As you rethink your strategic performance planning and build emotional recovery strategies into your calendar, we would love to hear what you think.

By Scott Peltin
Founder/Chief Performance Officer


Chris Males

Recently, I was leading a group discussion on reframing low performance thoughts and stories into high performance thoughts and stories. At Tignum, we consider low performance thoughts and stories as those that are filled with drama, involve being a victim, make ourselves appear to be helpless, and focus on those things out of our control. I was using some common examples such as, “I am not good enough”, “I can’t handle this anymore”, and “I will never get through all of my email”. As we started to create some powerful reframes, someone raised their hand and asked, “How do you know you aren’t just lying to yourself?"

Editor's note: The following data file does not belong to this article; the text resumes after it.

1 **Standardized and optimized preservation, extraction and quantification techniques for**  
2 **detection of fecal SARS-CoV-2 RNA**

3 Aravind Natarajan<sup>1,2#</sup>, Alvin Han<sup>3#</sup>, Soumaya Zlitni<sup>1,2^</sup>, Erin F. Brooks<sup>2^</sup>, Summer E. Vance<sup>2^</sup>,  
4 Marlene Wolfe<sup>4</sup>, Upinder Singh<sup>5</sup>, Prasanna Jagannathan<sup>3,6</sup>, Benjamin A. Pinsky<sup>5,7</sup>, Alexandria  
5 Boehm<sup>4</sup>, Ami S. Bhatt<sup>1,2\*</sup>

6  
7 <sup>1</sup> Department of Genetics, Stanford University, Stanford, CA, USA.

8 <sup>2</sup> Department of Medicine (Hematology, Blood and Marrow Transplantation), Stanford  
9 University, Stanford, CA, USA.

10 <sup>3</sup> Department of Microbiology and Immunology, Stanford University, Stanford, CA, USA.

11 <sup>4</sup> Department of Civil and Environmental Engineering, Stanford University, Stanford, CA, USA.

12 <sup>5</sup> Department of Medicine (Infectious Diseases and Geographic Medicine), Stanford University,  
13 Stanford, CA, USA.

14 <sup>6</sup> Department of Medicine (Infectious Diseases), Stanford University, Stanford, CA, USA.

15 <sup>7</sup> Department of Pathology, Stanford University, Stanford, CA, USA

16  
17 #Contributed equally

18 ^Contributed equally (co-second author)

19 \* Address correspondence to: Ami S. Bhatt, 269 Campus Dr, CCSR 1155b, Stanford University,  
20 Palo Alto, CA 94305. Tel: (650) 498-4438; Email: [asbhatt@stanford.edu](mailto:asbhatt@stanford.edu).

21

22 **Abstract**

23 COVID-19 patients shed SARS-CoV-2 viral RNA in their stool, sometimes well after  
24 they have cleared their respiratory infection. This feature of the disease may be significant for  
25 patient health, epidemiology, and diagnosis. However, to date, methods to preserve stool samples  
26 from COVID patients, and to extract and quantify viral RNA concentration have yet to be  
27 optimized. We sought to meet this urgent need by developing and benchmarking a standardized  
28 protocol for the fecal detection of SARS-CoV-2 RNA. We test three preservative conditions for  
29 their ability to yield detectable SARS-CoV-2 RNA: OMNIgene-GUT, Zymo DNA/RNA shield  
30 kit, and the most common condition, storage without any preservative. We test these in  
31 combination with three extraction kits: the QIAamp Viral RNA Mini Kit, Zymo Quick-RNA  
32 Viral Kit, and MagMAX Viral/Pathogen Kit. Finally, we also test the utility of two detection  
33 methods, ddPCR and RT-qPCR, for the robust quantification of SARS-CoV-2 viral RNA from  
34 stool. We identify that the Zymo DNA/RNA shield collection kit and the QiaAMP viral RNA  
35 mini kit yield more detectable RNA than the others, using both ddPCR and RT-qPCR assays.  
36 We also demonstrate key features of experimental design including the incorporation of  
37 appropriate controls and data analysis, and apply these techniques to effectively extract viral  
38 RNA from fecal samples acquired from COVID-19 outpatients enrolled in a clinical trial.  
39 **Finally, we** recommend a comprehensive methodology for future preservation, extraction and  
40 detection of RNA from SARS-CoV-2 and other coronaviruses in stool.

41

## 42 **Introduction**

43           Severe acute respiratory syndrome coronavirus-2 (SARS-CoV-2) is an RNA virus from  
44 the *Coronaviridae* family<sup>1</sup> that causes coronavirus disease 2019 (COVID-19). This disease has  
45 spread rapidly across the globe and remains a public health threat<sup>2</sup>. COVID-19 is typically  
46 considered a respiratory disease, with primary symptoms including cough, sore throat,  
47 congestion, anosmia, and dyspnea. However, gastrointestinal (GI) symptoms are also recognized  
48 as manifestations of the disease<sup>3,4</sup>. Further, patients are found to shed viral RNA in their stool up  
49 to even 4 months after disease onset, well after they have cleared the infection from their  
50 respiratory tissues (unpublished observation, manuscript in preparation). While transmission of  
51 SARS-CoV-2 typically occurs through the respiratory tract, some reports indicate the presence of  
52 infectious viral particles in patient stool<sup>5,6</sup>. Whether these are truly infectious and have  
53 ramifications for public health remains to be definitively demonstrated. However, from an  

This was a great question because, if not done properly, reframing could just be an exercise of trying to fool yourself. The difference comes through in a few nuances. A high performance thought or story is one that is highly aware and true, one that identifies/focuses on those things within your control, and one that is action-oriented and moves you towards a solution. This is different than simply looking at the bright side or just staying positive. This latter type of thinking suggests that we tell ourselves things such as, “fake it until we make it” or “look at the bright side; at least it’s a beautiful day outside”, even when targets are not met, decision-making has stalled, and our team’s budget is cut.

A High Performance Mindset approach moves us forward, captures those things within our control, and brings us closer to a solution that will create a better outcome. A system we use is:

_Is this thought true? Or, am I awfulizing, dramatizing, or over-assuming? Sometimes a low performance thought can be partially true such as, “I will never get through all of my email.” While it might be true that you won't get through all your email in one sitting, the word never is a little dramatic.